picture, but they were pretty close

What I mean by "filling" the fins is that you're essentially going to hide the wood grain and make the fins look smooth - as though they were made of plastic, metal or glass. If you merely glue on the fins and then prime and paint them, you won't hide that wood grain - in fact, you'll accentuate it.

This can be done with a number of products.

The first is something called sanding sealer. For years in model rocketry, this was the standard. But I've never used it. It seems as though most rocketeers now view sanding sealer as a bit old-fashioned. Apparently, it can gum up the sand paper pretty badly, which means you have to switch sandpaper several times. And it smells bad. And it's expensive. But I might give it a try some time, because a lot of old-timers swear by it.

Another thing you can do is paper the fins. This means you apply pieces of printer paper to either side of the fins with adhesive, then smooth the paper out, trim it tight, and fit it perfectly to the shape of the fins. It works great, apparently, and takes less time, but I haven't tried it yet, so I'm not going to talk about that here. Also, the fins on the Big Bertha are kind of weird, and I think that papering is easier if you have basic, four-sided fins with all straight edges. So I decided not to try it on this rocket.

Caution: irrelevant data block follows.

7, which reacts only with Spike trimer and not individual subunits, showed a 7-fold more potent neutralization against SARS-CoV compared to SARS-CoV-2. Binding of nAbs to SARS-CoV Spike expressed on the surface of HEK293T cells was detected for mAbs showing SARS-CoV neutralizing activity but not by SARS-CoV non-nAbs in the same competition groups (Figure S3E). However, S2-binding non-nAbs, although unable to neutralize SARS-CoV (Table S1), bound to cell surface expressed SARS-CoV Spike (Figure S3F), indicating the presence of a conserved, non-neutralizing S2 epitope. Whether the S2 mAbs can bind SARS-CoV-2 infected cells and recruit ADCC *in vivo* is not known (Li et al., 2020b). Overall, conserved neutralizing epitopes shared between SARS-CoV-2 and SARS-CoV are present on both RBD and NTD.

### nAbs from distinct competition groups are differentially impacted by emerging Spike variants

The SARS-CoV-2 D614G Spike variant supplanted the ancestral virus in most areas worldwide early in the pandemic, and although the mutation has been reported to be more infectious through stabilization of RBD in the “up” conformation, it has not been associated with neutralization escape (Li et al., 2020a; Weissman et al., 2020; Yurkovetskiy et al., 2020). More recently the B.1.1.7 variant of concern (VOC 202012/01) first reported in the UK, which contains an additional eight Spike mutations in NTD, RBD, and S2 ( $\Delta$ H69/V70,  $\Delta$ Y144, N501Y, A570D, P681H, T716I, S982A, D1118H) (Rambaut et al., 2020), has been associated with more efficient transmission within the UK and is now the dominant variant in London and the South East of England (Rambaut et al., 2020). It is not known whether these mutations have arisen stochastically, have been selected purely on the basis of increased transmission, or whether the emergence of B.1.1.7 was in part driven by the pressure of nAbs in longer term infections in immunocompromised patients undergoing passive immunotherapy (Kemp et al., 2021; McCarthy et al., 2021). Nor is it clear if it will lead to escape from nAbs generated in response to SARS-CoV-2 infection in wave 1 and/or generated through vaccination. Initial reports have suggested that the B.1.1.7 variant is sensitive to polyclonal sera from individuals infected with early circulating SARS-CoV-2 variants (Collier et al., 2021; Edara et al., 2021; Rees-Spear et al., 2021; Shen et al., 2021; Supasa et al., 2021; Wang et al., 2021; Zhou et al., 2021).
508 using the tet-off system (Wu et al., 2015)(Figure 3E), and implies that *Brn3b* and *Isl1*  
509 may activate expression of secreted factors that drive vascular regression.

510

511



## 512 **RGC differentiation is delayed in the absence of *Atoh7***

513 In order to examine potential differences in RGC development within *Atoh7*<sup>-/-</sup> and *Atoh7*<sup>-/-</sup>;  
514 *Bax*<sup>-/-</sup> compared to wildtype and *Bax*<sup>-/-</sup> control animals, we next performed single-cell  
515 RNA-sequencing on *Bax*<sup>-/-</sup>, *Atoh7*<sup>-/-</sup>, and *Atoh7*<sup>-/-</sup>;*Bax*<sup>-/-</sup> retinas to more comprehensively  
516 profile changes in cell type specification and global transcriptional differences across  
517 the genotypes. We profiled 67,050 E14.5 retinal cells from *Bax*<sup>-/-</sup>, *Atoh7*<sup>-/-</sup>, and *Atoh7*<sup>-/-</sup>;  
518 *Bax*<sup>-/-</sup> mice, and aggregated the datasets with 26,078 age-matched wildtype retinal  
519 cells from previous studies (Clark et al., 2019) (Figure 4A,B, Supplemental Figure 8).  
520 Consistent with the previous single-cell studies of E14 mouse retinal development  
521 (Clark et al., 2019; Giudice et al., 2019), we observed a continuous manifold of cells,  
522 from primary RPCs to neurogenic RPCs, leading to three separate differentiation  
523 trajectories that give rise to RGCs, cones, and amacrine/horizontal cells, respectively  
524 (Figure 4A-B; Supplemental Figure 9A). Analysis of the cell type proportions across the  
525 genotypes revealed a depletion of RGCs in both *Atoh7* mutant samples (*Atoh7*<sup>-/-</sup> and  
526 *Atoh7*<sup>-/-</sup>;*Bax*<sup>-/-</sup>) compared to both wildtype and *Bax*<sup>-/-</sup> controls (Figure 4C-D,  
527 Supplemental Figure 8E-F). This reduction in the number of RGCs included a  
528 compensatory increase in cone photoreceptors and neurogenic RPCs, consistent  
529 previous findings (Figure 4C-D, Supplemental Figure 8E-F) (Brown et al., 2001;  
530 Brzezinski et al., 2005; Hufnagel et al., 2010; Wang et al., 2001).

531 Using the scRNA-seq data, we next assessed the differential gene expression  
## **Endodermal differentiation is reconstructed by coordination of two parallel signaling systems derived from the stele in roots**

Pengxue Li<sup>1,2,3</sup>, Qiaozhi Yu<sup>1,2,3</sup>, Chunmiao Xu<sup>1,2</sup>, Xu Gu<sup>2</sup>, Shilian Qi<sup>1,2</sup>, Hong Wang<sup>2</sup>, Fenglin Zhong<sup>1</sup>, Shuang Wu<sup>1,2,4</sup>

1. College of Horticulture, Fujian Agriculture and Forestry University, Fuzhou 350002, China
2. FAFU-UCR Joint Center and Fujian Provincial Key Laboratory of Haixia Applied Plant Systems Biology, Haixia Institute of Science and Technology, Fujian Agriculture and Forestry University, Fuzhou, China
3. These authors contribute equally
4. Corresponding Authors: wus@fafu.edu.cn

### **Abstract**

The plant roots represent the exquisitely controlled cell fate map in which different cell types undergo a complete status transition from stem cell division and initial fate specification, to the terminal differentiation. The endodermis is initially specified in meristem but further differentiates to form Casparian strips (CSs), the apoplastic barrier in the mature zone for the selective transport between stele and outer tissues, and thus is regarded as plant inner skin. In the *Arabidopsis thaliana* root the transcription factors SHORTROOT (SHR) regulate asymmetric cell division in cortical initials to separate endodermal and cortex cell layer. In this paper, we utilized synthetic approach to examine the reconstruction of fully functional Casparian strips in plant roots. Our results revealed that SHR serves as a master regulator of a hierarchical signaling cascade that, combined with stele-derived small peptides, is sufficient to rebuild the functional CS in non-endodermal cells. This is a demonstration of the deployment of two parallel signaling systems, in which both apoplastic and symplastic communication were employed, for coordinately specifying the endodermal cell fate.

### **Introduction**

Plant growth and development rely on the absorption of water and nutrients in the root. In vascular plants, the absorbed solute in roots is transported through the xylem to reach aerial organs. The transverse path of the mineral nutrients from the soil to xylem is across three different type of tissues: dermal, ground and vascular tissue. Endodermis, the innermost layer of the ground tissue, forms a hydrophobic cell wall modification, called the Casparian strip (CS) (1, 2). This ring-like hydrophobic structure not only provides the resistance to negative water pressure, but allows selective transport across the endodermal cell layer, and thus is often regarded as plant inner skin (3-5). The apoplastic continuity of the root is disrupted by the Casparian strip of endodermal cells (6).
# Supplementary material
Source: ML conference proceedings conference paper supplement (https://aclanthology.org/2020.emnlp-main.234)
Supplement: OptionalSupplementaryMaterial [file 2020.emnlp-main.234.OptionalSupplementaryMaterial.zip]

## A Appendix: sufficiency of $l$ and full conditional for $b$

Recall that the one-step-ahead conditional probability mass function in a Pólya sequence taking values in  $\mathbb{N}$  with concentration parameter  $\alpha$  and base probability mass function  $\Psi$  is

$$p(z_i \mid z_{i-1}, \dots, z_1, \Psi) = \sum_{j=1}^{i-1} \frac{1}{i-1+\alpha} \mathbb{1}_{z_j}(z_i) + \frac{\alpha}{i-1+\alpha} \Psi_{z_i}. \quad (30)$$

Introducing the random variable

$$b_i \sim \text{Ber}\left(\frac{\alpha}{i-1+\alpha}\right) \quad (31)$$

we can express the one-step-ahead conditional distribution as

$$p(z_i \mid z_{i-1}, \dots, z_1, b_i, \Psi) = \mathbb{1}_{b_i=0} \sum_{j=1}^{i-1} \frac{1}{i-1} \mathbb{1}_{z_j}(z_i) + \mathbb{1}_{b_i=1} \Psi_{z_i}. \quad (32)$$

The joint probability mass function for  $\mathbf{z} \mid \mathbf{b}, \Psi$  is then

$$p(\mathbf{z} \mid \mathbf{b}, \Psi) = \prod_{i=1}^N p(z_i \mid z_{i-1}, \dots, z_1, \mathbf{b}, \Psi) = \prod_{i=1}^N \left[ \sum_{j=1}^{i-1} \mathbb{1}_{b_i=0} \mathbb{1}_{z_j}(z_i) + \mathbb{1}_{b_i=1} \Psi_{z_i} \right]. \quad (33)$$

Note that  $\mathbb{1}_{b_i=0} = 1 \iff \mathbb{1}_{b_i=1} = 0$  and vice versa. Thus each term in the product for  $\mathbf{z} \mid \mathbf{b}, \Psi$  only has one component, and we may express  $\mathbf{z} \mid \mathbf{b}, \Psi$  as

What I use - and a lot of rocketeers use - is something called carpenter's wood filler - CWF for short. A favorite brand is Elmer's Wood Filler.

This stuff is a putty used for filling gouges in woodworking. It comes in a can and looks like really thick frosting. But you can thin it with water, which is what we'll do here.

CWF is messy, obviously, so put down a paper. You'll need a small, cheap paint brush, a tiny bowl and tiny spoon or something to stir with, and a small amount of water. I just use the spoon to add a little water at a time, but an eye dropper would be ideal. You will also need somewhere to put the fins as they dry.